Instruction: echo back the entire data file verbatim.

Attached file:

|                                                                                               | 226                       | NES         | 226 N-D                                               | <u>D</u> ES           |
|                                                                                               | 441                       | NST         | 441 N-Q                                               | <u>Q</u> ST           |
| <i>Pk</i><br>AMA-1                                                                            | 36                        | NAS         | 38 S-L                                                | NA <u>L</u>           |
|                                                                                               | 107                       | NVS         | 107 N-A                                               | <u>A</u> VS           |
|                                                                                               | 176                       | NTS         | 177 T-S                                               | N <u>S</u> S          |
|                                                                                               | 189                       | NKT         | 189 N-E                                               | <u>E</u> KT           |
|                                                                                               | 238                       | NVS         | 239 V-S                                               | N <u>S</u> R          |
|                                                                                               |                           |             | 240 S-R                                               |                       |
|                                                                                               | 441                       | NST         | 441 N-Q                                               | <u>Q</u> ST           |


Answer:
|                                                                                               | 226                       | NES         | 226 N-D                                               | <u>D</u> ES           |
|                                                                                               | 441                       | NST         | 441 N-Q                                               | <u>Q</u> ST           |
| <i>Pk</i><br>AMA-1                                                                            | 36                        | NAS         | 38 S-L                                                | NA <u>L</u>           |
|                                                                                               | 107                       | NVS         | 107 N-A                                               | <u>A</u> VS           |
|                                                                                               | 176                       | NTS         | 177 T-S                                               | N <u>S</u> S          |
|                                                                                               | 189                       | NKT         | 189 N-E                                               | <u>E</u> KT           |
|                                                                                               | 238                       | NVS         | 239 V-S                                               | N <u>S</u> R          |
|                                                                                               |                           |             | 240 S-R                                               |                       |
|                                                                                               | 441                       | NST         | 441 N-Q                                               | <u>Q</u> ST           |